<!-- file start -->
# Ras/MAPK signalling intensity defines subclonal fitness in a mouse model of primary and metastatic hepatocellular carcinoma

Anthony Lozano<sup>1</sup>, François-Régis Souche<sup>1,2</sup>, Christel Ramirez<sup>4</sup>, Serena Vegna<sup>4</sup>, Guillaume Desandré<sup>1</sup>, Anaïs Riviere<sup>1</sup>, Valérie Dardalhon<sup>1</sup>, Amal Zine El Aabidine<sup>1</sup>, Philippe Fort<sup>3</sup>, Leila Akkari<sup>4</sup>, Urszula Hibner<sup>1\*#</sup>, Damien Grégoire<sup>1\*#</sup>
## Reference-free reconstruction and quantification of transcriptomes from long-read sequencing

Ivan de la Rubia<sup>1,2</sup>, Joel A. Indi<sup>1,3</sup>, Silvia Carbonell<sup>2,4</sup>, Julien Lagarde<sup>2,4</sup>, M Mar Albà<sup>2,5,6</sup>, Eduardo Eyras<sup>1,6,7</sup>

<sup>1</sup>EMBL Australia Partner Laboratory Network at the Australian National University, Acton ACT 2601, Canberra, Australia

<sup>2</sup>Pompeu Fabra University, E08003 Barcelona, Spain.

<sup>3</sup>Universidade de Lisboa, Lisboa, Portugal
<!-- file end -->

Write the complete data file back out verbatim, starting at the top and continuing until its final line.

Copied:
# Ras/MAPK signalling intensity defines subclonal fitness in a mouse model of primary and metastatic hepatocellular carcinoma

Anthony Lozano<sup>1</sup>, François-Régis Souche<sup>1,2</sup>, Christel Ramirez<sup>4</sup>, Serena Vegna<sup>4</sup>, Guillaume Desandré<sup>1</sup>, Anaïs Riviere<sup>1</sup>, Valérie Dardalhon<sup>1</sup>, Amal Zine El Aabidine<sup>1</sup>, Philippe Fort<sup>3</sup>, Leila Akkari<sup>4</sup>, Urszula Hibner<sup>1\*#</sup>, Damien Grégoire<sup>1\*#</sup>
## Reference-free reconstruction and quantification of transcriptomes from long-read sequencing

Ivan de la Rubia<sup>1,2</sup>, Joel A. Indi<sup>1,3</sup>, Silvia Carbonell<sup>2,4</sup>, Julien Lagarde<sup>2,4</sup>, M Mar Albà<sup>2,5,6</sup>, Eduardo Eyras<sup>1,6,7</sup>

<sup>1</sup>EMBL Australia Partner Laboratory Network at the Australian National University, Acton ACT 2601, Canberra, Australia

<sup>2</sup>Pompeu Fabra University, E08003 Barcelona, Spain.

<sup>3</sup>Universidade de Lisboa, Lisboa, Portugal